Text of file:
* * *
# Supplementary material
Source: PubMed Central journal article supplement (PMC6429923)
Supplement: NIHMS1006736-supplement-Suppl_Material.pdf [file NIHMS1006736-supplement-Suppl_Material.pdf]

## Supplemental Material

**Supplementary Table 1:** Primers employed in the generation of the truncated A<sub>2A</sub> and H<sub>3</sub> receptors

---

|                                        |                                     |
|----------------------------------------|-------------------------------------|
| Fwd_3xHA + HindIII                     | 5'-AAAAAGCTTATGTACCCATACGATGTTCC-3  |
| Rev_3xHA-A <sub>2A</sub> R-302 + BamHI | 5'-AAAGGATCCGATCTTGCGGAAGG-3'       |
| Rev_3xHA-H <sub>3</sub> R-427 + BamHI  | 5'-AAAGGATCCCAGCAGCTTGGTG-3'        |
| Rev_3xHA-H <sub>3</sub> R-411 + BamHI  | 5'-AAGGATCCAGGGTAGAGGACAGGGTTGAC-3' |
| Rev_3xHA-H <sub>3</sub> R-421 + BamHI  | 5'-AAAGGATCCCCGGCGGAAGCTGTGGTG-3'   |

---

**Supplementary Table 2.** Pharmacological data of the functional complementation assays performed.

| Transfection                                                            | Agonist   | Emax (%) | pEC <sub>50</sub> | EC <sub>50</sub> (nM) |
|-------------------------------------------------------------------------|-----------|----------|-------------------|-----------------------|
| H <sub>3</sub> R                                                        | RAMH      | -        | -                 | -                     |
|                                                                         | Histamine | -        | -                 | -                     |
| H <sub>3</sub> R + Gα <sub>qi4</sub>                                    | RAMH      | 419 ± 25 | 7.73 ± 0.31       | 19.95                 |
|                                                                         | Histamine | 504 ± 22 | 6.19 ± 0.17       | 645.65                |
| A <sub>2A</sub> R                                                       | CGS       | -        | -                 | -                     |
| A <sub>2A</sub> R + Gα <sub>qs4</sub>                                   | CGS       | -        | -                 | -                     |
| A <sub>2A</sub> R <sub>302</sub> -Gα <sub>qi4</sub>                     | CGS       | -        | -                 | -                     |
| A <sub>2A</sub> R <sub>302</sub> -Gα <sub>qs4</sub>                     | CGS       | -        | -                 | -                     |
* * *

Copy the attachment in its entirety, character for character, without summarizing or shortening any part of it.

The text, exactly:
# Supplementary material
Source: PubMed Central journal article supplement (PMC6429923)
Supplement: NIHMS1006736-supplement-Suppl_Material.pdf [file NIHMS1006736-supplement-Suppl_Material.pdf]

## Supplemental Material

**Supplementary Table 1:** Primers employed in the generation of the truncated A<sub>2A</sub> and H<sub>3</sub> receptors

---

|                                        |                                     |
|----------------------------------------|-------------------------------------|
| Fwd_3xHA + HindIII                     | 5'-AAAAAGCTTATGTACCCATACGATGTTCC-3  |
| Rev_3xHA-A <sub>2A</sub> R-302 + BamHI | 5'-AAAGGATCCGATCTTGCGGAAGG-3'       |
| Rev_3xHA-H <sub>3</sub> R-427 + BamHI  | 5'-AAAGGATCCCAGCAGCTTGGTG-3'        |
| Rev_3xHA-H <sub>3</sub> R-411 + BamHI  | 5'-AAGGATCCAGGGTAGAGGACAGGGTTGAC-3' |
| Rev_3xHA-H <sub>3</sub> R-421 + BamHI  | 5'-AAAGGATCCCCGGCGGAAGCTGTGGTG-3'   |

---

**Supplementary Table 2.** Pharmacological data of the functional complementation assays performed.

| Transfection                                                            | Agonist   | Emax (%) | pEC <sub>50</sub> | EC <sub>50</sub> (nM) |
|-------------------------------------------------------------------------|-----------|----------|-------------------|-----------------------|
| H <sub>3</sub> R                                                        | RAMH      | -        | -                 | -                     |
|                                                                         | Histamine | -        | -                 | -                     |
| H <sub>3</sub> R + Gα <sub>qi4</sub>                                    | RAMH      | 419 ± 25 | 7.73 ± 0.31       | 19.95                 |
|                                                                         | Histamine | 504 ± 22 | 6.19 ± 0.17       | 645.65                |
| A <sub>2A</sub> R                                                       | CGS       | -        | -                 | -                     |
| A <sub>2A</sub> R + Gα <sub>qs4</sub>                                   | CGS       | -        | -                 | -                     |
| A <sub>2A</sub> R <sub>302</sub> -Gα <sub>qi4</sub>                     | CGS       | -        | -                 | -                     |
| A <sub>2A</sub> R <sub>302</sub> -Gα <sub>qs4</sub>                     | CGS       | -        | -                 | -                     |